By Mark Ellis
When he faced retribution from the government for his role in the protests, suicidal despair and hatred began to consume him – until a powerful encounter with the living God.
Even as a child, he experienced friction with government officials. “We were always bullied by the Chinese authorities,” recalls Bob Fu, founder of ChinaAid, a non-profit organization based in Texas that advocates on behalf of the underground church and political dissidents in China.
The bullying stemmed from his home life, having a disabled father and a mother who resorted to begging for the family’s survival. “It was a humiliating situation,” he confesses. Even friends and neighbors belittled his family.
The mistreatment ignited a fire in his heart for equality and justice. “I thought the best way to change my family and to change the system was to become a political leader,” he says, and he began to nurture aspirations to become a communist party official some day.
As a college junior in 1989, he watched the student democracy movement take off. “I became deeply involved and felt it might be the moment for change,” he recalls. Fu organized protests at Liaocheng University in his province, then led fellow students to Tiananmen Square in Beijing, the epicenter of the unprecedented confrontation.
By an unexpected twist, Fu’s girlfriend Heidi (later to become his wife) became ill and he left the protests to attend her. So he was not in the square June 4th when the military launched a heavy-handed onslaught to enforce the government’s curfew. Chinese troops with assault rifles and tanks inflicted heavy casualties on student demonstrators.
Although Fu was absent – possibly a narrow escape from death — he paid a price for his involvement. When school resumed, Fu was singled out in the classroom for interrogation. “I was forced to cancel all my classes,” he recalls. “It was a very hard moment.”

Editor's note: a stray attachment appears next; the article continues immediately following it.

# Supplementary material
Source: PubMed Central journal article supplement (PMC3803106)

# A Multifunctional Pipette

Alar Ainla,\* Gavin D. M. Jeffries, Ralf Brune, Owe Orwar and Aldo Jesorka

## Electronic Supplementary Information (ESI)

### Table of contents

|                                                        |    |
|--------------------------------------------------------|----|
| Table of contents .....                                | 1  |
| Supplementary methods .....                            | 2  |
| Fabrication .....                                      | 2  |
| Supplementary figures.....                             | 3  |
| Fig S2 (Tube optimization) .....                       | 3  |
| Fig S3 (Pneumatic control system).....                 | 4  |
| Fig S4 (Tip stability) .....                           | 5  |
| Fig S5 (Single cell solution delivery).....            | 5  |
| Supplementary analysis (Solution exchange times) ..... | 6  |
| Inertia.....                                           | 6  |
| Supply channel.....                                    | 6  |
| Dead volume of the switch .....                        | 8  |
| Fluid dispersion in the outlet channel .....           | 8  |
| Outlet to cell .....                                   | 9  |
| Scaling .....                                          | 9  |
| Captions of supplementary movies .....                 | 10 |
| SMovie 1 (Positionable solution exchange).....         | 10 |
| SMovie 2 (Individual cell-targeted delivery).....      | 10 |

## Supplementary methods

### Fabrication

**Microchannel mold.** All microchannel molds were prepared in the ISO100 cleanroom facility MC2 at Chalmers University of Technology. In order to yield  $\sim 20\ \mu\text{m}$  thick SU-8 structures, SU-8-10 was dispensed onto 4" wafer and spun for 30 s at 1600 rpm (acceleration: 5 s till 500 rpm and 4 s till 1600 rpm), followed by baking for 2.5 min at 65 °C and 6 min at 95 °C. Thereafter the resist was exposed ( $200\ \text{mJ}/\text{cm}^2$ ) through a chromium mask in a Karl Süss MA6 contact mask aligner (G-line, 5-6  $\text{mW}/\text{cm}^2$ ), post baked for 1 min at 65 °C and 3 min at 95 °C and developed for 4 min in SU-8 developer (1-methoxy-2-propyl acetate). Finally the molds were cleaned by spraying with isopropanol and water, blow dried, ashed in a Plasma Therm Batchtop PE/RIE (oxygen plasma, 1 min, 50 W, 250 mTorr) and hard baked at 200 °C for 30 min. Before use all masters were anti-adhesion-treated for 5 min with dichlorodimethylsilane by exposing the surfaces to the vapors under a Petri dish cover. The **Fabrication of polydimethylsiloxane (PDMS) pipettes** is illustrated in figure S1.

Emotionally, he went into a tailspin. “I was in despair and I wanted to commit suicide,” he says. He found himself ostracized by teachers and even fellow students. The police forced him to write confessions and treated him like a criminal.
Finding Jesus in China
At this low point in his life, an American English teacher at the college gave him a biography of Xi Shengmo, a 19th-century Chinese Christian convert. Xi had once been a Confucian scholar and opium addict, but turned to Christ under the influence of Hudson Taylor’s missionaries.
The book came as a revelation to Fu. “I didn’t know about the Christian faith at all,” he recounts. As Fu read about Xi’s conversion, the Holy Spirit grabbed his heart.
“I was convicted by the Gospel,” he says. “I was full of despair and hatred. I could see myself as sinful.”
As Fu became engrossed in the story, God spotlighted his desperate spiritual condition, but also brought hope. “I saw the light of the Gospel, that if anyone is in Christ, he is a new creation. The old has gone and the new has come.”
“This God is so real!” he exclaimed at the time, slapping his knee. “I can see the light!”
There was only one problem. Fu didn’t know how one actually becomes a Christian. Is it like joining an organization? Is there a public ceremony? he wondered.
He tracked down his American teacher in the dorm for answers. “We kneeled down and I confessed my sins and I accepted Christ as my Savior and Lord. I was born again supernaturally.”